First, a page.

Diversion and Inclusion (D & I) have been the topic for HR managers for a few years now. The truth is, diversity and inclusion is helpful to the business as a whole, not only as a human resources policy. In 2015, the U.S. Census reported that, for the first time in history, a majority of children (50.2%) under age 5 were considered part of an ethnic group or a minority race. The U.S. Bureau of Labor Statistics reported in 2018 that 83.9 % of chief executives were white males. There simply is no reason not to include diversity and inclusion in your business to better reflect your customers and the changing population of the country.
Here's how HR affects diversity and inclusion in the workplace.Read More
Tis the season of gratitude and service and your employees are looking forward to the break. As an employer, there are a multitude of ways to say thank you. Science has proven that gratitude and sincere acknowledgment improves lives and self-care in a stressful work environment. As an HR professional, you can also help encourage a culture of thankfulness and praise.
Here are four ways that HR can show gratitude to employees.Read More
"We're very impressed with your skill set and are happy to offer you the job.... pending a background check investigation."
Even to those with nothing to hide, the second part of that sentence can shatter nerves of steel for job seekers. They wonder, "What will they find?" And, "Have I done anything wrong that I can't recall?" Or "What about that one mistake I made in college?"
Your recruiting and hiring staff can help ease these fears when running employment background checks.Read More
Many employers will require a new hire to take a pre-employment drug test. Some employers may also require random drug testing during the employee's tenure with the company, especially if there is some suspicion of drug usage or the usage can affect the employee's ability to perform their job. What happens when an employee or new hire fails a drug test? It really depends on the situation.
Here are some examples of what could happen next.Read More
It's vital for HR managers to understand the changes happening in hiring and employment so they can attract and retain the best talent and remain compliant with state and federal laws. 2018 and the few years prior have seen a push for reduced bias, equal pay and more demands from a younger workforce. These changes continue to affect not only how to hire, but how to retain current employees, as well as legislative response with new employment laws.
Here's what employers can expect in hiring trends and employment legislation in 2019.Read More
The #MeToo movement may be affecting the annual company holiday party tradition, according to a recent study quoted on HRDive. Even though consumer and corporate confidence in the economy is higher than last year, the amount of companies planning to host a holiday party is as low as it was in 2009. The reason? Alcohol, the potential for inappropriate behavior and the liability of the HR department and the company throwing the shindig. While 57% of employees have seen their co-workers drunk, many businesses are considering a way to make the annual gathering less...wild.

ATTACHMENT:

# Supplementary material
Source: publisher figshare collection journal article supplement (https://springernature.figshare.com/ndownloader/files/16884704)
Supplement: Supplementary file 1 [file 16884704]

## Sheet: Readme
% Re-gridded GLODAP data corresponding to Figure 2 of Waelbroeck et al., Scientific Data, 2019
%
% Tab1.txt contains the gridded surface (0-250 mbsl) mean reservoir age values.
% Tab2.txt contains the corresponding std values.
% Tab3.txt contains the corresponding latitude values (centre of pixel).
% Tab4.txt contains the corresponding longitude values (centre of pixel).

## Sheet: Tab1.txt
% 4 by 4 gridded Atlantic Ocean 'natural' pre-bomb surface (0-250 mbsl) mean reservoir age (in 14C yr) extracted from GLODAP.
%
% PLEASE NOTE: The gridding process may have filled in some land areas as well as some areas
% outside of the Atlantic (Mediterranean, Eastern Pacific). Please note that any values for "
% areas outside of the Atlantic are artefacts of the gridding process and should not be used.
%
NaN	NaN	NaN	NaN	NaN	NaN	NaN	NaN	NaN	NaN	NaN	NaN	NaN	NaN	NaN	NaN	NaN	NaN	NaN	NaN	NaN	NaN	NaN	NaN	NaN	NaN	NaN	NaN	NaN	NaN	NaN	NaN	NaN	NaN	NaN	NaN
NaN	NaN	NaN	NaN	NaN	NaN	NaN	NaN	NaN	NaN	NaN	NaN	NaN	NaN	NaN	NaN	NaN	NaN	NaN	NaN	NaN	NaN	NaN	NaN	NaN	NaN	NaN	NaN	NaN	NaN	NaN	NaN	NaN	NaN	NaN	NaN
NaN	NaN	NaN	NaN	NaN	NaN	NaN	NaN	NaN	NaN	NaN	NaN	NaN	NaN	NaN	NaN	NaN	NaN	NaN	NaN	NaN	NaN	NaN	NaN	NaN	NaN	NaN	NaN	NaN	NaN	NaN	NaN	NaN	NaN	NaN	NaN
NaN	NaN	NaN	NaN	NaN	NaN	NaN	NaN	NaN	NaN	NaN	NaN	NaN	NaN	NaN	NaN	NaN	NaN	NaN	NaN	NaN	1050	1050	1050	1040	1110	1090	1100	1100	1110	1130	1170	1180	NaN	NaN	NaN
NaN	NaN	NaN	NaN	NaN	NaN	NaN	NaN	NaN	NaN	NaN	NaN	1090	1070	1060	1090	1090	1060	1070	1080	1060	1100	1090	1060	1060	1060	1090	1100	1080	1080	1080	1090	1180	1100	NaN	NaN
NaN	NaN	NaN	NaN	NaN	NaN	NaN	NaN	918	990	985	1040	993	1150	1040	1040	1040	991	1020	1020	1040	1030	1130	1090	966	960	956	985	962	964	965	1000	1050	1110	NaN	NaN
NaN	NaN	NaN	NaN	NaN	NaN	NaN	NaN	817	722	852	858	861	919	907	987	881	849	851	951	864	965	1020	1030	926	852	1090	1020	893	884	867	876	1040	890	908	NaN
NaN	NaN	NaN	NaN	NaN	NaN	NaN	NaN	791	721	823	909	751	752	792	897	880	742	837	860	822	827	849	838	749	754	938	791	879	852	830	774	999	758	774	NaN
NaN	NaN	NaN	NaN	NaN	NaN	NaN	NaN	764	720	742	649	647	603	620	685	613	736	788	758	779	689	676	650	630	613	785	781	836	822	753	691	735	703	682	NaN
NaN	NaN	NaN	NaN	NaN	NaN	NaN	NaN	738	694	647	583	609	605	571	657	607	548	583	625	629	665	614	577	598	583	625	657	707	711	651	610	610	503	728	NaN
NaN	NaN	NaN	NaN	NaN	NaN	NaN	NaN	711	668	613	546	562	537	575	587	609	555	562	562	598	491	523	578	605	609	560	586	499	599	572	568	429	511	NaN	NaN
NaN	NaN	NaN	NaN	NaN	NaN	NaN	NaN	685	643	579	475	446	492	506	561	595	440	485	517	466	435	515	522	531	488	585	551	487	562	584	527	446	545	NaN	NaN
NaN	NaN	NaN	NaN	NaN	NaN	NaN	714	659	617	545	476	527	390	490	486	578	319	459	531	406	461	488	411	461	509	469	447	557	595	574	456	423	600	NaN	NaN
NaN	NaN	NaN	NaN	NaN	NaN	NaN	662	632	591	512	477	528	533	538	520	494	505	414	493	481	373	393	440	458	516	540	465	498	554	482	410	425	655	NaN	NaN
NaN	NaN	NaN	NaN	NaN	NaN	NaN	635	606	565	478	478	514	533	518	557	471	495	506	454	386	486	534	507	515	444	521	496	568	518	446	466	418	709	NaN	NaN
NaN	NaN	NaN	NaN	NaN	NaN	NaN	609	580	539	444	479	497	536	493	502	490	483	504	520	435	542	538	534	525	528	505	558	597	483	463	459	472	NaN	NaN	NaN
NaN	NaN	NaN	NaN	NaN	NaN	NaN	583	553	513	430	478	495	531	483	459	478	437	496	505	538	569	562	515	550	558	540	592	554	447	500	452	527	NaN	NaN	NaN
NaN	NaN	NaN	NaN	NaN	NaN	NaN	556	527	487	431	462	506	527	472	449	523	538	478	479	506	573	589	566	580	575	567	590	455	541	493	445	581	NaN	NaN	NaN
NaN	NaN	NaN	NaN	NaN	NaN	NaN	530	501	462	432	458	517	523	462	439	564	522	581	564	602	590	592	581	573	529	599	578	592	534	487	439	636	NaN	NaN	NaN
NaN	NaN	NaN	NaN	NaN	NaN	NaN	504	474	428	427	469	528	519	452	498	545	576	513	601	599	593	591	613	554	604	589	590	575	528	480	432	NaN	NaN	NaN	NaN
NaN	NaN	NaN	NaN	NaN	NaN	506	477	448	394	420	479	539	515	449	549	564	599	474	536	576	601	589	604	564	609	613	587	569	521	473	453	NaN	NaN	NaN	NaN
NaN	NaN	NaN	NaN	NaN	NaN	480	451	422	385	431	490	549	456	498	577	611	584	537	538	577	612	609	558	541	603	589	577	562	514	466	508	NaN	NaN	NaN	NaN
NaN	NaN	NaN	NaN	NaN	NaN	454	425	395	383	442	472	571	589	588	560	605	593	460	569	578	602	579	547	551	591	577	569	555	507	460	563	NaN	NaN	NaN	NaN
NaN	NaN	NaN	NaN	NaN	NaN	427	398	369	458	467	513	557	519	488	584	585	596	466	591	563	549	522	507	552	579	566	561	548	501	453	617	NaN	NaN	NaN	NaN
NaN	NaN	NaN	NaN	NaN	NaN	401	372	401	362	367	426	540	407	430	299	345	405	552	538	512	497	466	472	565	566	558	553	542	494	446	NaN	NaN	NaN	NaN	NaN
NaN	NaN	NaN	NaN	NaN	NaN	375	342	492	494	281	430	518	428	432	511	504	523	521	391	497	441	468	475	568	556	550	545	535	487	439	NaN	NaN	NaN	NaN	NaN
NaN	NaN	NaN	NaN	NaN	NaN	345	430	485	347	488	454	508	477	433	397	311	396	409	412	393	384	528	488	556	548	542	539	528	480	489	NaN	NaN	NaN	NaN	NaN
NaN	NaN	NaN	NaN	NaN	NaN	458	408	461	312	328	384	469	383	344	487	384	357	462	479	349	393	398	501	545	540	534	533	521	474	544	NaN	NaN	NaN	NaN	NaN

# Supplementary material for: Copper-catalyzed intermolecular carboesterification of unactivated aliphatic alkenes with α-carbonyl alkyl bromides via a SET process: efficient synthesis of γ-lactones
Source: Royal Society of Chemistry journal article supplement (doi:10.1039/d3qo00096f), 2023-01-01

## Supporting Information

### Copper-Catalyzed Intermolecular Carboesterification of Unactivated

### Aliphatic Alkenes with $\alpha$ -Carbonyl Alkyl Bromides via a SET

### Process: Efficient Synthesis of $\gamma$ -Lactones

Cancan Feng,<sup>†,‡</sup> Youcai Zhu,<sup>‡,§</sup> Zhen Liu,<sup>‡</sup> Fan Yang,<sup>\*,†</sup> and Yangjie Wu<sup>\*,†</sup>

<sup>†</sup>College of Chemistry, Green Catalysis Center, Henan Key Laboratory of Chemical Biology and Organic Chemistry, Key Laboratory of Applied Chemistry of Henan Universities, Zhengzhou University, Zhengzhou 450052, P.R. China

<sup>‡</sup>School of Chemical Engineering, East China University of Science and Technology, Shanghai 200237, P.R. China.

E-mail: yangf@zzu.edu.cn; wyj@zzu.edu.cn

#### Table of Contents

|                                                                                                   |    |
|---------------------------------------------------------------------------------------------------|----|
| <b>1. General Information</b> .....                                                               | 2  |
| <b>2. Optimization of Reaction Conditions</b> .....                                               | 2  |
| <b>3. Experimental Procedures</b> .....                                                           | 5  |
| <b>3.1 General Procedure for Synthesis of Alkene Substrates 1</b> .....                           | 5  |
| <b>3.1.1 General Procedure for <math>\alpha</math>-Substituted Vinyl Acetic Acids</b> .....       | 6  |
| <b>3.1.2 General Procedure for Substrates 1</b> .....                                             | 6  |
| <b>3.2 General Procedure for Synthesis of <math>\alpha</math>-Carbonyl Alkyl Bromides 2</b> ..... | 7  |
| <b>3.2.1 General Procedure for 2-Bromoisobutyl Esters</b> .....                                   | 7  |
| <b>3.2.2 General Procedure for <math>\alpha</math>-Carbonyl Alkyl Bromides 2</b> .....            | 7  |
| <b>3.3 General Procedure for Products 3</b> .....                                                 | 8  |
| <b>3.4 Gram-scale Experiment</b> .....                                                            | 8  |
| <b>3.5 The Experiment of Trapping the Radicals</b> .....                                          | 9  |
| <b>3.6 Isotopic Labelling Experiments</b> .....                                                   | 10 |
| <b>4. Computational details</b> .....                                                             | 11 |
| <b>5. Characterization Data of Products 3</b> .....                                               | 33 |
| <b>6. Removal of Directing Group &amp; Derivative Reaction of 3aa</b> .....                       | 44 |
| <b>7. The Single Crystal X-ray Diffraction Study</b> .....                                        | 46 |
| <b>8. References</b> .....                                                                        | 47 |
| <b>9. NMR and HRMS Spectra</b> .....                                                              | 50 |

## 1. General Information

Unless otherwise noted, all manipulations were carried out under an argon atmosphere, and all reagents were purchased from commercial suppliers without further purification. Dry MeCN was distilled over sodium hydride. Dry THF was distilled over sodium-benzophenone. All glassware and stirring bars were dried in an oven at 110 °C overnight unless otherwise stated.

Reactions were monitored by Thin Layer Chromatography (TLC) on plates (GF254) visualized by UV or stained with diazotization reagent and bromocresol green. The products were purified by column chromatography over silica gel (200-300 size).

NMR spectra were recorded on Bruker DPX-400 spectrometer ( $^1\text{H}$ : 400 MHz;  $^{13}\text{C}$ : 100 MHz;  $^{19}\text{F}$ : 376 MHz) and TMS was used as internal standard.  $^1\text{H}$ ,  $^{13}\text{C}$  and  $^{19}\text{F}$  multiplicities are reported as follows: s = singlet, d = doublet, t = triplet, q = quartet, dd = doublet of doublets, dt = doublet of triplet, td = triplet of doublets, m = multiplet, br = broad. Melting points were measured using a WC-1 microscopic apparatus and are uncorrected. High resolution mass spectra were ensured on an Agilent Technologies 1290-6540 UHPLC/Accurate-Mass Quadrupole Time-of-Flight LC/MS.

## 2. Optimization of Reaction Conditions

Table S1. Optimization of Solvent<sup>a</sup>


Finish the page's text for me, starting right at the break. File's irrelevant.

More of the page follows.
Should your company have a holiday party? Let's offer some ideas to avoid bad behavior.Read More
Nearly three quarters of employers run background screens on employment applicants. While it is assumed that employers are looking for criminal records, a Reddit thread about background checks uncovered plenty of other valuable and available information to determine if the applicant is a good fit. Those who fit well, perform better and stick around longer, reducing turnover costs and the risk of low morale.
Employers may be closely reviewing background check information to help improve or maintain a positive workplace culture.Read More
Unfortunately, both small-to-medium and enterprise businesses are prone to fraud and the 2018 Global Study on Occupational Fraud and Abuse dives deeper into the reasons why. The study looked at over 2,000 cases of occupational fraud reported over the previous two years, in 125 countries and in 23 industries. The most common fraud scheme was corruption among the executives and employees within an organization. Surprisingly, a few simple practices could minimize the risk of fraudulent activities.
Here are best practices for businesses of all sizes to reduce occupational fraud.Read More
The Equal Employment Opportunity Commission has been quite busy this year including last week's lawsuits against seven employers for allegations of workplace harassment. This week, more lawsuits have been filed, including one against Grand Hyatt for disability discrimination and one against a Georgia restaurant for pregnancy discrimination. Employers are wise to examine these cases closely to ensure compliance with EEOC regulations.
Let's take a closer look at some of the EEOC lawsuits and how employers should comply.Read More
Since entering the workforce as a teenager, I've made friends, built lifelong relationships, and in many cases, been the only female in the workplace. Most of the time, I felt respected and treated equally. I've also had my fair share of wage gap disputes, gender bias, and managerial comments that I am certain weren't made to my male colleagues. I can also unfortunately say #MeToo.